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Amisulpride — A Multipurpose Drug for ME/CFS

JES

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I would recommend staying far away from anti-psychotics for treating anxiety, not least because these drugs have serious side effects. The way @Hip uses Amisulpride makes sense, as it acts as a dopamine agonist at low dosage. At a normal dosage, this drug will act completely different and most likely be counter-productive for treating any anxiety symptoms. Abilify, I'm not sure if it has this inverse dopamine receptor effect of Amisulpride, so even at low dosage it could be totally useless for anxiety.
 

Hip

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I am using Abilify but wonder if amisulpride would work better.
I tried Abilify (aripiprazole), but found it over-stimulated me a bit, but other than that its effect were similar to very low dose amisulpride. However, I only tried one 1.25 mg tablet of Abilify, which due to the long half life of Abilify (75 hours), had effects that lasted for almost a week. So I don't have that much experience of Abilify, apart from this one test.



Which online site did you purchase amisulpride from?
See the pharmacies in the first post of this thread.
 

Hip

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I would recommend staying far away from anti-psychotics for treating anxiety, not least because these drugs have serious side effects.
Generally speaking what @JES says is good advice. Because of serious side effects (like triggering diabetes), atypical anti-psychotics are only used to treat anxiety if other anti-anxiety medications have failed.

I use very low dose amisulpride because it helps treat the significant irritability symptoms I have, which actually are a very unpleasant symptom, and makes me more sociable (reduces the tendency to social withdrawal). Also, I also find very low dose amisulpride is one of the few antidepressants that work for me. And it does a good job in reducing the ME/CFS sound sensitivity symptom. So for me offers a number of very useful benefits.


The atypical anti-psychotics can be classified in relation to their risk of triggering diabetes. The ones with the highest risk of inducing diabetes are Clorazil (clozapine) and Zyprexa (olanzipine). Medium risk are Seroquel (quetiapine) and Risperdal (risperidone).

But Abilify (aripiprazole) and Geodon (ziprasidone) are low risk (they are not considered a diabetes risk). Ref: here.
 
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My worst anxiety symptom is irritability. I'm not sure if that's actually anxiety, but it's a frustrating symptom nevertheless. And regular anxiety drugs, like the ssris, don't seem to improve it that much. And abilify at 2 mg is helping, but a lot of it is being cancelled out by the "overstimulation" effect that Hip mentioned. I feel kind of manic, although I'm not bipolar, but I'm just guessing that's what it would feel like... I'm also concerned with sexual function. Abilify seems to be increasing the drive, but sexual function isn't better and might be worse. But abilify has worked better than any other med on one symptom that's rather annoying....obsessing over health problems. While it's important to find answers, it's counterproductive to actually finding them if you can't stop obsessing.

That's really interesting that abilify has that long of a half-life. That explains why when I ran out and had to skip a day or two I didn't feel much different for most of the time. That gives me an idea that I might try cycling the abilify or maybe the amisulpride if I decide to try that. The one thing that sounds more intriguing about amisulpride is that it helps you enjoy being around people more, and I don't notice much improvement with that on abilify. Being drained by people is depressing. The most useful things abilify's helped me with are overthinking and focus.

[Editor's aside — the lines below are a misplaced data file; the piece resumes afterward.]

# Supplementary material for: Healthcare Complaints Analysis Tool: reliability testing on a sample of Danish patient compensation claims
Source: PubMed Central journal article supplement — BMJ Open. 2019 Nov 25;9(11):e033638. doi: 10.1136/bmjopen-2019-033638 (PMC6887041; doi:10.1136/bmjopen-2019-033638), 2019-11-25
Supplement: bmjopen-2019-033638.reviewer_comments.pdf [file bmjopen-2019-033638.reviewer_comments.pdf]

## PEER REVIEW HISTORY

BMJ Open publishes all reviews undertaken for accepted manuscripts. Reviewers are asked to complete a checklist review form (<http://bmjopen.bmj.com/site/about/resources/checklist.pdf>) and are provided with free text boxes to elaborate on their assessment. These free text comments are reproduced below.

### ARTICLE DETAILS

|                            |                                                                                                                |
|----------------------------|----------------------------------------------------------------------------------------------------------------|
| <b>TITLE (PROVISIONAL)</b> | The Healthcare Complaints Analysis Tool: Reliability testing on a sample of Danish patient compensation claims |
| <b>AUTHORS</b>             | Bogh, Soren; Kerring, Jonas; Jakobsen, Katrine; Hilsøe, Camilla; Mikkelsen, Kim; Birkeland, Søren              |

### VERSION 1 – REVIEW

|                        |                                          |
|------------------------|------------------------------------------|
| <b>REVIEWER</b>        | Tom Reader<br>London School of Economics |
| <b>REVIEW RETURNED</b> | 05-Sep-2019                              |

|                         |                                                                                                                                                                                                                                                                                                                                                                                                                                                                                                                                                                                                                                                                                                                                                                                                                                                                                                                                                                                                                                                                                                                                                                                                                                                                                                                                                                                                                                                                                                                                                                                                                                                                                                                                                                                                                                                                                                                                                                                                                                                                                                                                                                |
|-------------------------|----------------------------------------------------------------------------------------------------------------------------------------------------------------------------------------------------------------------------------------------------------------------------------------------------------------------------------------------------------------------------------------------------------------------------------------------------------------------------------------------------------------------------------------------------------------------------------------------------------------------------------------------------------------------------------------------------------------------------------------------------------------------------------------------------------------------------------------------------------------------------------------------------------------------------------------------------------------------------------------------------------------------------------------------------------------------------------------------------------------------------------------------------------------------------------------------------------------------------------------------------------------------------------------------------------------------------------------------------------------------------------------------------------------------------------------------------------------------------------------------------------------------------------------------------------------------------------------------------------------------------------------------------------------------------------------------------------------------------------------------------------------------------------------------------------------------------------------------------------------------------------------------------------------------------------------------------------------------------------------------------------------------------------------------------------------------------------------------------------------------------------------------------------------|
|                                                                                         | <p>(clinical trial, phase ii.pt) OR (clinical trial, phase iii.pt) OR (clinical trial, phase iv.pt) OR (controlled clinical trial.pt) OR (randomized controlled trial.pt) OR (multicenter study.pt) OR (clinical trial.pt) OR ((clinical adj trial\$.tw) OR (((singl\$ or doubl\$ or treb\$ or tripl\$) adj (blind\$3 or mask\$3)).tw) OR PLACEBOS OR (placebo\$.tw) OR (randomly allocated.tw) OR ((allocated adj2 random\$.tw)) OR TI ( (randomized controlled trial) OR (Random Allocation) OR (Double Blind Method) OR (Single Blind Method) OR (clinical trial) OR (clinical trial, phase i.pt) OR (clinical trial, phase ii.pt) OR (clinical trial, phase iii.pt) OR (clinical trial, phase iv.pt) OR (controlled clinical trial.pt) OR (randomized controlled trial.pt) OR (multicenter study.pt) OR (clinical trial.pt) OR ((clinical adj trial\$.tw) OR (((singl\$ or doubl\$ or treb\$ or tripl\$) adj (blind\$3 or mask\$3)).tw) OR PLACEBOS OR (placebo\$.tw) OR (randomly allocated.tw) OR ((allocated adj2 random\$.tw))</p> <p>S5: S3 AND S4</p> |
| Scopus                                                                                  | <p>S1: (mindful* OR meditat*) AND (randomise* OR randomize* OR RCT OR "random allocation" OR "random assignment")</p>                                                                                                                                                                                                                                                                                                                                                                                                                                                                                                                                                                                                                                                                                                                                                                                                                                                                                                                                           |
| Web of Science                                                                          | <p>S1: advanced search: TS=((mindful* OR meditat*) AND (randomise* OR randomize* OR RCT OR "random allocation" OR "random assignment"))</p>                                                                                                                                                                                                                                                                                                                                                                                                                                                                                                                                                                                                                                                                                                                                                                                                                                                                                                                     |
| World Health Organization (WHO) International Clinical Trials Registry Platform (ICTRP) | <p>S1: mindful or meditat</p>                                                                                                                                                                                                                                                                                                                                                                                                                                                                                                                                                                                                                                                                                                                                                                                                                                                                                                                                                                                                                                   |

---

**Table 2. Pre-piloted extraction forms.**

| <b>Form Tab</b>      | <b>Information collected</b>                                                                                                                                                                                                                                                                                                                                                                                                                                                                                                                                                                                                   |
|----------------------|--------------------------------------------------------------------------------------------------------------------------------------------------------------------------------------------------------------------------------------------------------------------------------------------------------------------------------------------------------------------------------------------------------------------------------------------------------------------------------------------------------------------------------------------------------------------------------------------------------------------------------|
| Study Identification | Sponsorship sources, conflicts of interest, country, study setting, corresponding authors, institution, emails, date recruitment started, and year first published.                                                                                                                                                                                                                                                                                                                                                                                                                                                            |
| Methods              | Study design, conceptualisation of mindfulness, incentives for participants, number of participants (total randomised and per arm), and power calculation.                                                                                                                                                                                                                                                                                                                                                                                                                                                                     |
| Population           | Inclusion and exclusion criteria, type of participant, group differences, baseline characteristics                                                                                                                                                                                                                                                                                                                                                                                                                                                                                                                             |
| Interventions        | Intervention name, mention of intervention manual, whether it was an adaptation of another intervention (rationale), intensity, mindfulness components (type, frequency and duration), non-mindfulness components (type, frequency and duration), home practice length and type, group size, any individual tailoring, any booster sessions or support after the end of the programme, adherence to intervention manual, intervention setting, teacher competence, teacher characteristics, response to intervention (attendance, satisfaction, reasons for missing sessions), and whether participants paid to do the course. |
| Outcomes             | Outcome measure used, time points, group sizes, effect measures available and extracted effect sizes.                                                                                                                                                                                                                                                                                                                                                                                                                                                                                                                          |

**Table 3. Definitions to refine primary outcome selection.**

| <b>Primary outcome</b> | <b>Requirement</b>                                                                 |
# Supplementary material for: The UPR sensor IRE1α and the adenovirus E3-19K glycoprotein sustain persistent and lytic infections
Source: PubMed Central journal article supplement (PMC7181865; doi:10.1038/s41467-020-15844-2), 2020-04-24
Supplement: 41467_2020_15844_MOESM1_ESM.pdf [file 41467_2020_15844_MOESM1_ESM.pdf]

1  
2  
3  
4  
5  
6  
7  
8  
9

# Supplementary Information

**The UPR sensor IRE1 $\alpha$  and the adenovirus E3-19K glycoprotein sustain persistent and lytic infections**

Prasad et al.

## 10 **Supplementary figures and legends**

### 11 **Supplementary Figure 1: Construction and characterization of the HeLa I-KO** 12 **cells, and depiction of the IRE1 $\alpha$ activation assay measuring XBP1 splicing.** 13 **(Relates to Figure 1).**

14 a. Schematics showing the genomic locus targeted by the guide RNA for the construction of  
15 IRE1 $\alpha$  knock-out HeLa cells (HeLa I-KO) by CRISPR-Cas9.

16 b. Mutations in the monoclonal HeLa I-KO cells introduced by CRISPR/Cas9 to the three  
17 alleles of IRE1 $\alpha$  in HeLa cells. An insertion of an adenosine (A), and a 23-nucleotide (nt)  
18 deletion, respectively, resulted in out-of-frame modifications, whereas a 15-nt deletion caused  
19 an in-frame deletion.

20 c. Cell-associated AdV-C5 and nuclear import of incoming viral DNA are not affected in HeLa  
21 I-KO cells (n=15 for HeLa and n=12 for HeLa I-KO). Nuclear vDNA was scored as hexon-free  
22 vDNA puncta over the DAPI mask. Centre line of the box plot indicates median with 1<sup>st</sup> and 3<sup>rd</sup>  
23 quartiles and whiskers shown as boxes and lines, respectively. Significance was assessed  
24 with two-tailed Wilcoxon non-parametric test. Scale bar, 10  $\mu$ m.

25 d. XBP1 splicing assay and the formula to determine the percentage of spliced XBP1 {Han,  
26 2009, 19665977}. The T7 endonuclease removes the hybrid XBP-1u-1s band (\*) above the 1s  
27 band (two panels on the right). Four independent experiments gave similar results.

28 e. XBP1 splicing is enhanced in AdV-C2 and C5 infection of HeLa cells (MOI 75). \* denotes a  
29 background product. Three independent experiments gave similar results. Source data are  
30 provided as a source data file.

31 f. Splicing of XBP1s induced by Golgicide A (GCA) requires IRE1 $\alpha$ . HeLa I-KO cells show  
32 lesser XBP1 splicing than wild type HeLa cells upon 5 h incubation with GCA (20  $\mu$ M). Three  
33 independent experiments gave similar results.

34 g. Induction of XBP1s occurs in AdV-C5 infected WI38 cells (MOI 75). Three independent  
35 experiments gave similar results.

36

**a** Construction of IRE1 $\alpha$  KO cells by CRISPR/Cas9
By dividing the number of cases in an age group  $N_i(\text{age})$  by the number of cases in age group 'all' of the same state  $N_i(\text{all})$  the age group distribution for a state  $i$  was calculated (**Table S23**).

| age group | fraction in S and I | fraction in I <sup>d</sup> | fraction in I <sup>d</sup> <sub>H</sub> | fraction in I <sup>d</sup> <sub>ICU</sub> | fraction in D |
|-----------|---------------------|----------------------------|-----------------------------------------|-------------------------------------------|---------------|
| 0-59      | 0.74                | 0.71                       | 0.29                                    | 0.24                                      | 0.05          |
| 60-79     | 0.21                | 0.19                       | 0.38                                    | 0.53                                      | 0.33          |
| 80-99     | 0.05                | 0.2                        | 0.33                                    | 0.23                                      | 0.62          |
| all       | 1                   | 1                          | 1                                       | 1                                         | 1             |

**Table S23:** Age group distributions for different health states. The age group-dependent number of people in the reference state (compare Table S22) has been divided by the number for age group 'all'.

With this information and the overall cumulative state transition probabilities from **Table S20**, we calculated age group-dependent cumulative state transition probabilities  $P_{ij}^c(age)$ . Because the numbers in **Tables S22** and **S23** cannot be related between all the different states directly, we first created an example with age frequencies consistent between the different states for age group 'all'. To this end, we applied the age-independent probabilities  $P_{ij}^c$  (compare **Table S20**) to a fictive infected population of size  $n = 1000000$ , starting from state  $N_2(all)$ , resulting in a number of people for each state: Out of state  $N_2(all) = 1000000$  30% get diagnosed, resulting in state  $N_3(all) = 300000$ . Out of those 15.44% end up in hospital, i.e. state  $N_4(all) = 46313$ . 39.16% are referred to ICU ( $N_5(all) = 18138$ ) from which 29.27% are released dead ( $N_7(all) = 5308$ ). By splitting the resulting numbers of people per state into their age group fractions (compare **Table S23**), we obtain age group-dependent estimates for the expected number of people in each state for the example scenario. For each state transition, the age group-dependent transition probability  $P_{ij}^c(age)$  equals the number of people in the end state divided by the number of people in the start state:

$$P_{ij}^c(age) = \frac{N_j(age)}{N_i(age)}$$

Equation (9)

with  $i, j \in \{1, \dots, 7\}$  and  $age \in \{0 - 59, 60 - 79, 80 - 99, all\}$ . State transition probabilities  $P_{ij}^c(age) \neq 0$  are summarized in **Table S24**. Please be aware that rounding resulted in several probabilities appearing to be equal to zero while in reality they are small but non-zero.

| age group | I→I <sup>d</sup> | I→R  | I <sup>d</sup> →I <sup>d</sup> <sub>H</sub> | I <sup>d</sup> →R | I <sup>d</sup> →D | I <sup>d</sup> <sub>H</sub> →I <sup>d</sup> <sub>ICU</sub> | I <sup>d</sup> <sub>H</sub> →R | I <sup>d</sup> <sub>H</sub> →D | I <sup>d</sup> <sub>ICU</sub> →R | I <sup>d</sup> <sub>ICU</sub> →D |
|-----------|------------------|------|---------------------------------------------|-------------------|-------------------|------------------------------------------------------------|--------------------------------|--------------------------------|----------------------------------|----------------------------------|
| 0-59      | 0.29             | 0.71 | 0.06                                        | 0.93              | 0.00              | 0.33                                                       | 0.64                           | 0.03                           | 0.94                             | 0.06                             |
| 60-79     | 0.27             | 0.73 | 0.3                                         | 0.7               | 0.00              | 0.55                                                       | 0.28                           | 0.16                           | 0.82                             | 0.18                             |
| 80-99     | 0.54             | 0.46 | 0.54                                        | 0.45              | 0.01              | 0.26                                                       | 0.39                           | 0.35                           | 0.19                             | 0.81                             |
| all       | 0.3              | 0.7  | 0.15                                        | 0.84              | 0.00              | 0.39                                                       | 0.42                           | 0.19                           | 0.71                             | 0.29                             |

Jill

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Thank you for your insights @Hip . I describe my brain as being constipated when coming back from social interactions and it takes days to undo no matter how hard I've tried to let things flow over me. I completely 'get' what you are saying. I also find it easier to do things by myself for the same reason. It's like forced isolation is the only way of getting anything done and I hate it !! It bizzaire . I'm glad to have stumbled onto this . Thanks again
 

flitza

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I'll think about integrating it into my regimen. Just getting started with SMP, NAG (and the others recommended in your thread about anxiety) and trying not to start too many things at once.

Hate the anhedonia though.
 
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What's the difference between the mechanisms of amphetamine and amisulpride. I'm asking because amphetamine almost makes me more stress/depressed. Could be some sort of sensetivity to norepinephrine. Also, does amisulpride increase norepinephrine?
 

JES

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What's the difference between the mechanisms of amphetamine and amisulpride. I'm asking because amphetamine almost makes me more stress/depressed. Could be some sort of sensetivity to norepinephrine. Also, does amisulpride increase norepinephrine?
Amphetamine is a stimulant and amisulpride an atypical antpsychotic, I don't think you can compare the two. Amisulpride primarily affects dopamine receptors, and in a different way depending on whether you use a low or a high dose. I'm not aware that it has any effect on norepinephrine.
 

Hip

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Also, does amisulpride increase norepinephrine?
Amisulpride's receptor binding affinity profile is given here (smaller numbers mean stronger binding). As you can see, it does not really bind to norepinephrine receptors, and I don't think it alters norepinephrine levels very much either (it weakly increases norepinephrine; ref: 1).
 

flitza

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I use it every day, and it continues to work well.
With respect to the NAG: I ordered some of the non-shellfish (I hope) from Swanson. Do you recommend starting with a whole capsule or trying to divide it up at first? I'm horribly sensitive to meds and supps and feeling so miserable with the anxiety that I'm nervous about trying anything new.

The cromolyn sodium helps a lot and quickly but doesn't last long. Couldn't tolerate the flaxseed oil (got diarrhea) and not sure if the turmeric is doing much.
 

Stretched

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FWIW, I am an Amisulpride advocate, having followed @Hip's analysis and having similar symptoms.

It does the same for me as above, but I use it in 50mg units once a day in am. (I mistakenly bought the
only size this supplier had, 400mg, and 1/8's are the smallest 'slices' w/o powdering the pill, but divides fine
with a standard, ubiquitous plastic pill slicer.)

With a favorable side effect, it allows me to walk away from Sertraline without titration (take it or leave it), and has a similar effect with clonazepam, which I have taken for 30 years, minimally. I do wonder if there is an